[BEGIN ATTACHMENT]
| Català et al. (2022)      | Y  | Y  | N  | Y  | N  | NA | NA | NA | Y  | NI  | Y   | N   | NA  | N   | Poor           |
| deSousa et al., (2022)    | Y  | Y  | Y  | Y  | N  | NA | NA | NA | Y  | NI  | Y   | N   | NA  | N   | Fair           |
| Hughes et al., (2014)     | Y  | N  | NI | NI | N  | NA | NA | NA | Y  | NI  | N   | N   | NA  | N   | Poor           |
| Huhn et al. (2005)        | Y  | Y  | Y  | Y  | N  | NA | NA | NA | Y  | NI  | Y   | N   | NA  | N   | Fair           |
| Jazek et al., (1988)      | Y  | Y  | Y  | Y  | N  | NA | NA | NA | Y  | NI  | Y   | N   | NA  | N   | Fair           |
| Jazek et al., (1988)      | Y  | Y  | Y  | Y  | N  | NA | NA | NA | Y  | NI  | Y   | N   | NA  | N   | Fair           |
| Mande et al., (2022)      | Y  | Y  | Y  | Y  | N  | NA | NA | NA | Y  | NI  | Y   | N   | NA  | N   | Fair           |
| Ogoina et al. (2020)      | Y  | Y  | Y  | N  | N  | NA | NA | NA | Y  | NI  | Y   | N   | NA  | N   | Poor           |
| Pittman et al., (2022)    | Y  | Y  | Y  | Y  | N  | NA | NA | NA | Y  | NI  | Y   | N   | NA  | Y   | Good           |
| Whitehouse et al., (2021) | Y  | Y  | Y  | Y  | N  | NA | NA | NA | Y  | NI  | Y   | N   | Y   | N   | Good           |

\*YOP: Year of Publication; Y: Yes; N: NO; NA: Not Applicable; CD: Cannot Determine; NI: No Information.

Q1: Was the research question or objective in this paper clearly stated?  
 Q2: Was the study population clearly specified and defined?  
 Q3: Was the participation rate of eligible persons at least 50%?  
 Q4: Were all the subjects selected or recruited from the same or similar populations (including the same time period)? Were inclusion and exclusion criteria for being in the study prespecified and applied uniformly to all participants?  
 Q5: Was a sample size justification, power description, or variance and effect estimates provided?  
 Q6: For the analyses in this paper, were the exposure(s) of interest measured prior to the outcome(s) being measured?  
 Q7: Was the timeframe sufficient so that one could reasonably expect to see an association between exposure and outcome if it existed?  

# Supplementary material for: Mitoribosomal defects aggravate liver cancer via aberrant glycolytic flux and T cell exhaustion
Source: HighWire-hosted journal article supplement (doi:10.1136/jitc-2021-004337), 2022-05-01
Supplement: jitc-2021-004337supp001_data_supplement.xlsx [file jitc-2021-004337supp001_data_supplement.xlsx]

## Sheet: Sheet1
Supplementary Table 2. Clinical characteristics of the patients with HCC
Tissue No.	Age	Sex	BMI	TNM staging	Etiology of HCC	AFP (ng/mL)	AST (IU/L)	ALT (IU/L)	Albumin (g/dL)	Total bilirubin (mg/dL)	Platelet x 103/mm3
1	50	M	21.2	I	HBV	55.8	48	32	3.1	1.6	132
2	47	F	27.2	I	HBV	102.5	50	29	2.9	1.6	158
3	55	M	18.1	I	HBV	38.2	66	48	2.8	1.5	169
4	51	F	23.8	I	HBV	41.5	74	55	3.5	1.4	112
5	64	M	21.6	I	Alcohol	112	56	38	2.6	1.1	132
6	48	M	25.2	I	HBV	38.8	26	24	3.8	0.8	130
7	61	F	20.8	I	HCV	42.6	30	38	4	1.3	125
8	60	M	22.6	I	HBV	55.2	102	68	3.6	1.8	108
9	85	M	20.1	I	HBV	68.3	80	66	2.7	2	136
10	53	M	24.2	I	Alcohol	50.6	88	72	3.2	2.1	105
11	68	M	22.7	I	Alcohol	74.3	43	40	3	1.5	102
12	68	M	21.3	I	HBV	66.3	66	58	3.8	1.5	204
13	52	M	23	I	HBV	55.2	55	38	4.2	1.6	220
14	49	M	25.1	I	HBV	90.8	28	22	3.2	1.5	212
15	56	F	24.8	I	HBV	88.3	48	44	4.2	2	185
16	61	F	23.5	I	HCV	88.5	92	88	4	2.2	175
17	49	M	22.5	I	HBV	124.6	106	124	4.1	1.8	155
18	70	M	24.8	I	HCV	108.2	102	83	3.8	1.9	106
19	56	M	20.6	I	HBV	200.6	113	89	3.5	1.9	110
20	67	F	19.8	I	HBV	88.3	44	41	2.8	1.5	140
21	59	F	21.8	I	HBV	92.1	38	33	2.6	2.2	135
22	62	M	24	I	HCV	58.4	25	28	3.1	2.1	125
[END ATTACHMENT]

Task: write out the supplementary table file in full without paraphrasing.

| Català et al. (2022)      | Y  | Y  | N  | Y  | N  | NA | NA | NA | Y  | NI  | Y   | N   | NA  | N   | Poor           |
| deSousa et al., (2022)    | Y  | Y  | Y  | Y  | N  | NA | NA | NA | Y  | NI  | Y   | N   | NA  | N   | Fair           |
| Hughes et al., (2014)     | Y  | N  | NI | NI | N  | NA | NA | NA | Y  | NI  | N   | N   | NA  | N   | Poor           |
| Huhn et al. (2005)        | Y  | Y  | Y  | Y  | N  | NA | NA | NA | Y  | NI  | Y   | N   | NA  | N   | Fair           |
| Jazek et al., (1988)      | Y  | Y  | Y  | Y  | N  | NA | NA | NA | Y  | NI  | Y   | N   | NA  | N   | Fair           |
| Jazek et al., (1988)      | Y  | Y  | Y  | Y  | N  | NA | NA | NA | Y  | NI  | Y   | N   | NA  | N   | Fair           |
| Mande et al., (2022)      | Y  | Y  | Y  | Y  | N  | NA | NA | NA | Y  | NI  | Y   | N   | NA  | N   | Fair           |
| Ogoina et al. (2020)      | Y  | Y  | Y  | N  | N  | NA | NA | NA | Y  | NI  | Y   | N   | NA  | N   | Poor           |
| Pittman et al., (2022)    | Y  | Y  | Y  | Y  | N  | NA | NA | NA | Y  | NI  | Y   | N   | NA  | Y   | Good           |
| Whitehouse et al., (2021) | Y  | Y  | Y  | Y  | N  | NA | NA | NA | Y  | NI  | Y   | N   | Y   | N   | Good           |

\*YOP: Year of Publication; Y: Yes; N: NO; NA: Not Applicable; CD: Cannot Determine; NI: No Information.

Q1: Was the research question or objective in this paper clearly stated?  
 Q2: Was the study population clearly specified and defined?  
 Q3: Was the participation rate of eligible persons at least 50%?  
 Q4: Were all the subjects selected or recruited from the same or similar populations (including the same time period)? Were inclusion and exclusion criteria for being in the study prespecified and applied uniformly to all participants?  
 Q5: Was a sample size justification, power description, or variance and effect estimates provided?  
 Q6: For the analyses in this paper, were the exposure(s) of interest measured prior to the outcome(s) being measured?  
 Q7: Was the timeframe sufficient so that one could reasonably expect to see an association between exposure and outcome if it existed?  

# Supplementary material for: Mitoribosomal defects aggravate liver cancer via aberrant glycolytic flux and T cell exhaustion
Source: HighWire-hosted journal article supplement (doi:10.1136/jitc-2021-004337), 2022-05-01
Supplement: jitc-2021-004337supp001_data_supplement.xlsx [file jitc-2021-004337supp001_data_supplement.xlsx]

## Sheet: Sheet1
Supplementary Table 2. Clinical characteristics of the patients with HCC
Tissue No.	Age	Sex	BMI	TNM staging	Etiology of HCC	AFP (ng/mL)	AST (IU/L)	ALT (IU/L)	Albumin (g/dL)	Total bilirubin (mg/dL)	Platelet x 103/mm3
1	50	M	21.2	I	HBV	55.8	48	32	3.1	1.6	132
2	47	F	27.2	I	HBV	102.5	50	29	2.9	1.6	158
3	55	M	18.1	I	HBV	38.2	66	48	2.8	1.5	169
4	51	F	23.8	I	HBV	41.5	74	55	3.5	1.4	112
5	64	M	21.6	I	Alcohol	112	56	38	2.6	1.1	132
6	48	M	25.2	I	HBV	38.8	26	24	3.8	0.8	130
7	61	F	20.8	I	HCV	42.6	30	38	4	1.3	125
8	60	M	22.6	I	HBV	55.2	102	68	3.6	1.8	108
9	85	M	20.1	I	HBV	68.3	80	66	2.7	2	136
10	53	M	24.2	I	Alcohol	50.6	88	72	3.2	2.1	105
11	68	M	22.7	I	Alcohol	74.3	43	40	3	1.5	102
12	68	M	21.3	I	HBV	66.3	66	58	3.8	1.5	204
13	52	M	23	I	HBV	55.2	55	38	4.2	1.6	220
14	49	M	25.1	I	HBV	90.8	28	22	3.2	1.5	212
15	56	F	24.8	I	HBV	88.3	48	44	4.2	2	185
16	61	F	23.5	I	HCV	88.5	92	88	4	2.2	175
17	49	M	22.5	I	HBV	124.6	106	124	4.1	1.8	155
18	70	M	24.8	I	HCV	108.2	102	83	3.8	1.9	106
19	56	M	20.6	I	HBV	200.6	113	89	3.5	1.9	110
20	67	F	19.8	I	HBV	88.3	44	41	2.8	1.5	140
21	59	F	21.8	I	HBV	92.1	38	33	2.6	2.2	135
22	62	M	24	I	HCV	58.4	25	28	3.1	2.1	125